I just finished reading a great book on this topic by Stephen Cope called “The Great Work of Your Life: A Guide to the Journey of Finding Your True Calling.” Through the book, Cope looks at lives of some remarkable – and some “ordinary” – people to see the common elements in finding your calling and truly living it, all through the lens of the Bhagavad Gita. I highly recommend if you’re trying to find your calling (or, if you think you’ve got it but you’re just trying to hone in on it).

  • fidelity says:

    Certainly true for me.

    I fight the “naysayers” every day. Some of them are real…some of them are just memories and old conditioning from inside my own mind. Every now and then my confidence rises and I receive the gifts I need but all too often, I let the negativity override what is really going on. This is the hardest battle, as negativity – once it gets in – grows exponentially. A sad function of the mind! My challenge is to rise above this and continue with what is my “calling”…to sing. I would love your thoughts on my songs (see url) if you have a moment to spare.

  • Angela says:

    I just love Bob, his words resonate with such a huge amount of people. That’s why he is such an amazing poet, songwriter. Thanks for sharing this. I am printing it out to put up on my wall.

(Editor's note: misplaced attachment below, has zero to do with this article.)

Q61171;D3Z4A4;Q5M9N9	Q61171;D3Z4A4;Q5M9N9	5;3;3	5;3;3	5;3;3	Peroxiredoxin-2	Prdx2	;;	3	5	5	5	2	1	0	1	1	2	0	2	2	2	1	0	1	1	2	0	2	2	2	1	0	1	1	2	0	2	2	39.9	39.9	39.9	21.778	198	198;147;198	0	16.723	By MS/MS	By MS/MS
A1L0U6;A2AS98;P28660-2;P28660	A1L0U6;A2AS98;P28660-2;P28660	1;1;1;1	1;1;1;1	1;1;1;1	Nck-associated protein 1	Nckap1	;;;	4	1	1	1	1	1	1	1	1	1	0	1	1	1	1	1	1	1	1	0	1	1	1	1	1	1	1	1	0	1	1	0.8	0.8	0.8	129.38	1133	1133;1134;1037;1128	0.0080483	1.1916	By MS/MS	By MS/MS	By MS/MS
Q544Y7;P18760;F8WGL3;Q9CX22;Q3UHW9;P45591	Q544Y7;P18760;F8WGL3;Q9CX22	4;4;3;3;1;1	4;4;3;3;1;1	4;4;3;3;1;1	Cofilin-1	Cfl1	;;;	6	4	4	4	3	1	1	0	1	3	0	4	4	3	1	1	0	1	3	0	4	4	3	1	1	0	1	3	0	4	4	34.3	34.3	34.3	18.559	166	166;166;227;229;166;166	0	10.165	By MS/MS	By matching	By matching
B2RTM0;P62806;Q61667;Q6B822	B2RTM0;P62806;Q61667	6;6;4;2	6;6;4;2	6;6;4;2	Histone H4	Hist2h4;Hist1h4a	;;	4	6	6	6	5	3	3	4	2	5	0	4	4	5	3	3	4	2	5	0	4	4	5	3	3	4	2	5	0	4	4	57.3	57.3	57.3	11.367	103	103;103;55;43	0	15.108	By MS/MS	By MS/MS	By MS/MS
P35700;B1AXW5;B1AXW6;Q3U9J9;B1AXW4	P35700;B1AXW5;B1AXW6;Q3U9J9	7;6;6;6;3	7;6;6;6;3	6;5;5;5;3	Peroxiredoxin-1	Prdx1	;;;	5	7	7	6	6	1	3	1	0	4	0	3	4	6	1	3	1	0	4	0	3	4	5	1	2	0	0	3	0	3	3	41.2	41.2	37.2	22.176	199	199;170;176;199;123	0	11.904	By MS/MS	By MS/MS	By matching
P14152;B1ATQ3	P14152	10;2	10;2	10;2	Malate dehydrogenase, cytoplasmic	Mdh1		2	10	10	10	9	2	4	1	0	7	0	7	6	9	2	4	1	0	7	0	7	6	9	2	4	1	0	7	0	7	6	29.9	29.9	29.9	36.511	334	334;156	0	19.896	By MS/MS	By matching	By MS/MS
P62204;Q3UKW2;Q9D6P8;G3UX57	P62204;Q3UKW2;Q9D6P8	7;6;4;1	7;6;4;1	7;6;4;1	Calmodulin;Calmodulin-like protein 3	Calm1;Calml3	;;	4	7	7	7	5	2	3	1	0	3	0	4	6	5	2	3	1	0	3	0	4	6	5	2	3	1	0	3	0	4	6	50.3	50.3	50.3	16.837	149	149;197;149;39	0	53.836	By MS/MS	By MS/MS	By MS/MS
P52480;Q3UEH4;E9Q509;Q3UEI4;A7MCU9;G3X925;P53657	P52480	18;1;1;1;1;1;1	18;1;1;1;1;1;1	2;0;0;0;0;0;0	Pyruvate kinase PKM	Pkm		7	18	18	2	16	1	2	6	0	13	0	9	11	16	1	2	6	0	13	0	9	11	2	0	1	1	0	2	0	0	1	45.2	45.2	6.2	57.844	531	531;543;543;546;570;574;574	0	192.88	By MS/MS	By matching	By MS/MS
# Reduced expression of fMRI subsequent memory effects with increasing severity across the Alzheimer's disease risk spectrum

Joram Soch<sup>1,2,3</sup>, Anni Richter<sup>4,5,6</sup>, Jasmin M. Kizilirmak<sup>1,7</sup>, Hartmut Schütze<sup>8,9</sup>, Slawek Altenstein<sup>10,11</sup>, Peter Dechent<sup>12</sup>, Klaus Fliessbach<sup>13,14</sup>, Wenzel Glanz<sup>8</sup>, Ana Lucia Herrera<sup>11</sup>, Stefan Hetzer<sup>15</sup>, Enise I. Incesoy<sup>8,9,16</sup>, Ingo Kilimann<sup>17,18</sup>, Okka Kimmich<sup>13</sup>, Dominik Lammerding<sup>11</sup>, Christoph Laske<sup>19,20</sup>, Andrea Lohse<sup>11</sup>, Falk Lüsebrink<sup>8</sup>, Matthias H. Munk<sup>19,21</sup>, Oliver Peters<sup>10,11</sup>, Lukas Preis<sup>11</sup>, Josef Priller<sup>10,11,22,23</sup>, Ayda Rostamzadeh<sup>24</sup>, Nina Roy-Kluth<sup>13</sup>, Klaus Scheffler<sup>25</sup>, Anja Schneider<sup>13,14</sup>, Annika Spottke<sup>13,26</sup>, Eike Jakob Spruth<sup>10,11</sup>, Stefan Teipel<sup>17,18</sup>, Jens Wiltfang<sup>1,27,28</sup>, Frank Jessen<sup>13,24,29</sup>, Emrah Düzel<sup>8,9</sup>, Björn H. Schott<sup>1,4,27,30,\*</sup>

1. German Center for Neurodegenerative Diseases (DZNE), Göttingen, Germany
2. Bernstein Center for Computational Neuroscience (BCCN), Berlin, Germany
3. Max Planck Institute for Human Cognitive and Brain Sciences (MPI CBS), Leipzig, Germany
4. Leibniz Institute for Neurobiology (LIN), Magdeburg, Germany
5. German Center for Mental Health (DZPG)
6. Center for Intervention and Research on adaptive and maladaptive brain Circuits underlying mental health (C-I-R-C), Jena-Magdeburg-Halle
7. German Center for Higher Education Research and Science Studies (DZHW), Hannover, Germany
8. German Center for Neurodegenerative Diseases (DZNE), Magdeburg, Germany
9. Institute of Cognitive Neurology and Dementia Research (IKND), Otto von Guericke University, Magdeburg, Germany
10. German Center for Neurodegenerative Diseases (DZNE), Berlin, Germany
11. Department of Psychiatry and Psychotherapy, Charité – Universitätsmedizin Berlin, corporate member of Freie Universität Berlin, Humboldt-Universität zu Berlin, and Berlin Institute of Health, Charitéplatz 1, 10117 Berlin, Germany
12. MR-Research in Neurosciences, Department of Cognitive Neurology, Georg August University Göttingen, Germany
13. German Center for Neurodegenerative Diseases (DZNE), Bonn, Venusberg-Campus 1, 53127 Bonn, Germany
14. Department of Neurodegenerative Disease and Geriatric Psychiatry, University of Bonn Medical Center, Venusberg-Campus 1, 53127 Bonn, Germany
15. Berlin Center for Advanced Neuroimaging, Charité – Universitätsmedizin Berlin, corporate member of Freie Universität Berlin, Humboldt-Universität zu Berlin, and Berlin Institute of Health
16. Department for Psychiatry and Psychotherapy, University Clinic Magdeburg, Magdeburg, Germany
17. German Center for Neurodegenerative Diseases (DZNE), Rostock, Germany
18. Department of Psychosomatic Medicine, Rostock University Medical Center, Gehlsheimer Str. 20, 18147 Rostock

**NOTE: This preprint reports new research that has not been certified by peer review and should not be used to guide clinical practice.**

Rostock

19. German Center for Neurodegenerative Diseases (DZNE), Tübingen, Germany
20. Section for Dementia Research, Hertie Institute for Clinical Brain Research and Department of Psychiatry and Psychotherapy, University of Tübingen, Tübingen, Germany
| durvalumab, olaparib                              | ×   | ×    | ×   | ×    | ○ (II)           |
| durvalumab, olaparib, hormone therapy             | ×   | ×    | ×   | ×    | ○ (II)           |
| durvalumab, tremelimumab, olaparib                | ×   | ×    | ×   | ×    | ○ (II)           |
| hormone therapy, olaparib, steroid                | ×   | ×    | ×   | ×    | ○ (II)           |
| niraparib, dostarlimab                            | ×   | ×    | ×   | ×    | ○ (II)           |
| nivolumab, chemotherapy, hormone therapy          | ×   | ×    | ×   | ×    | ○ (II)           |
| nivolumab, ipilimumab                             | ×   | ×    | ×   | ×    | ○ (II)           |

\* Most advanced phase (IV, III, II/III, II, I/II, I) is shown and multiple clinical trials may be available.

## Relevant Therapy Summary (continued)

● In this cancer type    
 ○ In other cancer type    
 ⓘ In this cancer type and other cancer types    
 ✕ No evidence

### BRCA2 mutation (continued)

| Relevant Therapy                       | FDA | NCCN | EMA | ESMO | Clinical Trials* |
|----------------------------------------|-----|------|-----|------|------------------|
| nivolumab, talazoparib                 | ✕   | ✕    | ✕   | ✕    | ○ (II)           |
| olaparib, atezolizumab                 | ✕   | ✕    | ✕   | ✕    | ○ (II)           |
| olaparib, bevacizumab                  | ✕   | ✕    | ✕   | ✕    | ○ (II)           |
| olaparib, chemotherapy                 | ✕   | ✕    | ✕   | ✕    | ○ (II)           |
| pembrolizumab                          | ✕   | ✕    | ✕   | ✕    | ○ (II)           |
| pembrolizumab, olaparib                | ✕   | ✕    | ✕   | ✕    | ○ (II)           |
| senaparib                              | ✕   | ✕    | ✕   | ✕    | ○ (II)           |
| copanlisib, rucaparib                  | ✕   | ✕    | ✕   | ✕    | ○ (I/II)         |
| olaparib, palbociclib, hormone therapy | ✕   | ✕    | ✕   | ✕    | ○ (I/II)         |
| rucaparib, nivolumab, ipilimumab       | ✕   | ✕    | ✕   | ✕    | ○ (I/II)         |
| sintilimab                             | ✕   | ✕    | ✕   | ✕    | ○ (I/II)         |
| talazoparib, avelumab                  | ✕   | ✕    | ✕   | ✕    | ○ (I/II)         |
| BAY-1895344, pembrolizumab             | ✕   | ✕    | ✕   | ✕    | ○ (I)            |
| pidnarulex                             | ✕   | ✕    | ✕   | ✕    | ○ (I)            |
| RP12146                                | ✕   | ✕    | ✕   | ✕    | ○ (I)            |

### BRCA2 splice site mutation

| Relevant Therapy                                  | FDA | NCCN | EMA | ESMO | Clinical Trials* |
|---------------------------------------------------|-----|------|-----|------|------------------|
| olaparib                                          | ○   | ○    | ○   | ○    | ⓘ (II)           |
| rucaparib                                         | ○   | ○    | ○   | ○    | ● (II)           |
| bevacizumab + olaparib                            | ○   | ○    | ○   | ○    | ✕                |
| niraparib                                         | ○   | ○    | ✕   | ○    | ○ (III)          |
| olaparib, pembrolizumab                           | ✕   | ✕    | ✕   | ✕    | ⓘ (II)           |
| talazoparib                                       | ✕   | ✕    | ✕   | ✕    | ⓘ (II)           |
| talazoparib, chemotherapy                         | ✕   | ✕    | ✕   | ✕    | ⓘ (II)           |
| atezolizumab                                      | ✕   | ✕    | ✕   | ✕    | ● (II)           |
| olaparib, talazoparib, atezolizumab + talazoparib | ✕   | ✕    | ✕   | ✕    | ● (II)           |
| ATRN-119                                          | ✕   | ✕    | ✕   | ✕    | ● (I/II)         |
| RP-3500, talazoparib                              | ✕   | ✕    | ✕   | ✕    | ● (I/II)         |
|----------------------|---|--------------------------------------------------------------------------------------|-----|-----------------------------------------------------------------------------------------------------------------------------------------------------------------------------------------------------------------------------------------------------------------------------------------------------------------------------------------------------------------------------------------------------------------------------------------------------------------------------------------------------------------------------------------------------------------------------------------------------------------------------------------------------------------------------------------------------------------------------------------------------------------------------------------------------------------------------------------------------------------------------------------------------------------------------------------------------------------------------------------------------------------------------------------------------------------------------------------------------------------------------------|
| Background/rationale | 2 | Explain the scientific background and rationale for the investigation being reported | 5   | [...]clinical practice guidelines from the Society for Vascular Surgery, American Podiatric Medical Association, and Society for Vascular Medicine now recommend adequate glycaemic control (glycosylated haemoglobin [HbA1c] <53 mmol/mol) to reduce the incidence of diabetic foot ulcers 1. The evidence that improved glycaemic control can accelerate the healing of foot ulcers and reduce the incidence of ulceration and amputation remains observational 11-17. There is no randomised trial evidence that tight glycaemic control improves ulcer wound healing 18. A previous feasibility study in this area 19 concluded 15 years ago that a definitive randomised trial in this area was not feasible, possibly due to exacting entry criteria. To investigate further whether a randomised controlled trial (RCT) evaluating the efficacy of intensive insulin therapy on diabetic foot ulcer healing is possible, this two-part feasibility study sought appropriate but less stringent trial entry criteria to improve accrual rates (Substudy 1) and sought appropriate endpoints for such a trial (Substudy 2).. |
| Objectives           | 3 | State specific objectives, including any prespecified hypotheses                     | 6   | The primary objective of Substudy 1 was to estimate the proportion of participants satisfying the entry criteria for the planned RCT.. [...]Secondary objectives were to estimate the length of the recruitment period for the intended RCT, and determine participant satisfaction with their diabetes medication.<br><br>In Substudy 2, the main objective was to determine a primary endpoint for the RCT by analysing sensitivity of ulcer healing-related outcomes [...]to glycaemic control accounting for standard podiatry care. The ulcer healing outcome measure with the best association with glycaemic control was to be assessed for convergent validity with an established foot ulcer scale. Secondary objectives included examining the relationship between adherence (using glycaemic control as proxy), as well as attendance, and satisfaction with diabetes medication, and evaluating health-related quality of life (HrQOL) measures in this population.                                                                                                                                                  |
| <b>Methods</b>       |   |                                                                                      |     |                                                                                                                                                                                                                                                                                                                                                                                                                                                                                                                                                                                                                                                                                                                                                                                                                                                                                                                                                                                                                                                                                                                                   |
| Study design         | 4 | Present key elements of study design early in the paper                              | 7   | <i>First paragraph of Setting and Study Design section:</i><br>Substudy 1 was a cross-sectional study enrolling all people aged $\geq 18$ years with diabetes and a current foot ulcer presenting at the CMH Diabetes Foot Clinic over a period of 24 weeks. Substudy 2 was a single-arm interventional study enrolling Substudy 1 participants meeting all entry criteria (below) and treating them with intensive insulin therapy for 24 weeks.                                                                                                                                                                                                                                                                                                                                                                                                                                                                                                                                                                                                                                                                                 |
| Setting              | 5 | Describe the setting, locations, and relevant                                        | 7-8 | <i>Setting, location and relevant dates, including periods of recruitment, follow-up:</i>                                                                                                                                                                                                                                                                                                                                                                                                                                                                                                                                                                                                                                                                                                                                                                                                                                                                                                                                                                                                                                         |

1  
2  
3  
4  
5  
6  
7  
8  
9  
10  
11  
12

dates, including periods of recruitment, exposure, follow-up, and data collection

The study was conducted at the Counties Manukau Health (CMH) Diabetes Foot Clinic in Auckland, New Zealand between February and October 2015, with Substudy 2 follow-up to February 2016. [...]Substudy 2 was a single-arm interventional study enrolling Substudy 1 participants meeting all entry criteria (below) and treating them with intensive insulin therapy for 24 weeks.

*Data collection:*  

• Lori Cronwell says:

    It’s one thing to know your calling and quite another to have the courage to follow it. Especially when it’s the unconventional road—when it’s scary and there’s no safety net. Yet I know that by following my calling to help others awaken and renew, I’m helping them and myself to find the courage to go wherever our calling leads.

  • Anita Chase says:

    So true – so many distractions and sometimes it is difficult to tell if they are things (an d people) that you are “called” to work with or just stones in the path to test your resolve!

  • Rebecca says:

    The “calling” is a goal you want to achieve in this lifetime. To make the dream you had when you were young a reality. I have one and, yes, I have been distracted from it for nearly 20 years now or I let the “should’s” get in the way, but not anymore. Though it IS hard to make the time for it. It will be done!

  • Amy says:

    To me a “life calling” is really a theme that is central to a person’s life. This theme beckons us to explore it, own it, follow it, play with it and create new opportunities from within it. Once a person identifies their theme life takes on a whole new meaning.

  • butterflyjewel says:

    Accepting my calling and shedding distractions… 🙂

  • Terrisa says:

    This is short and profound. I love both, together. It encourages me today to keep focussed. Thank you.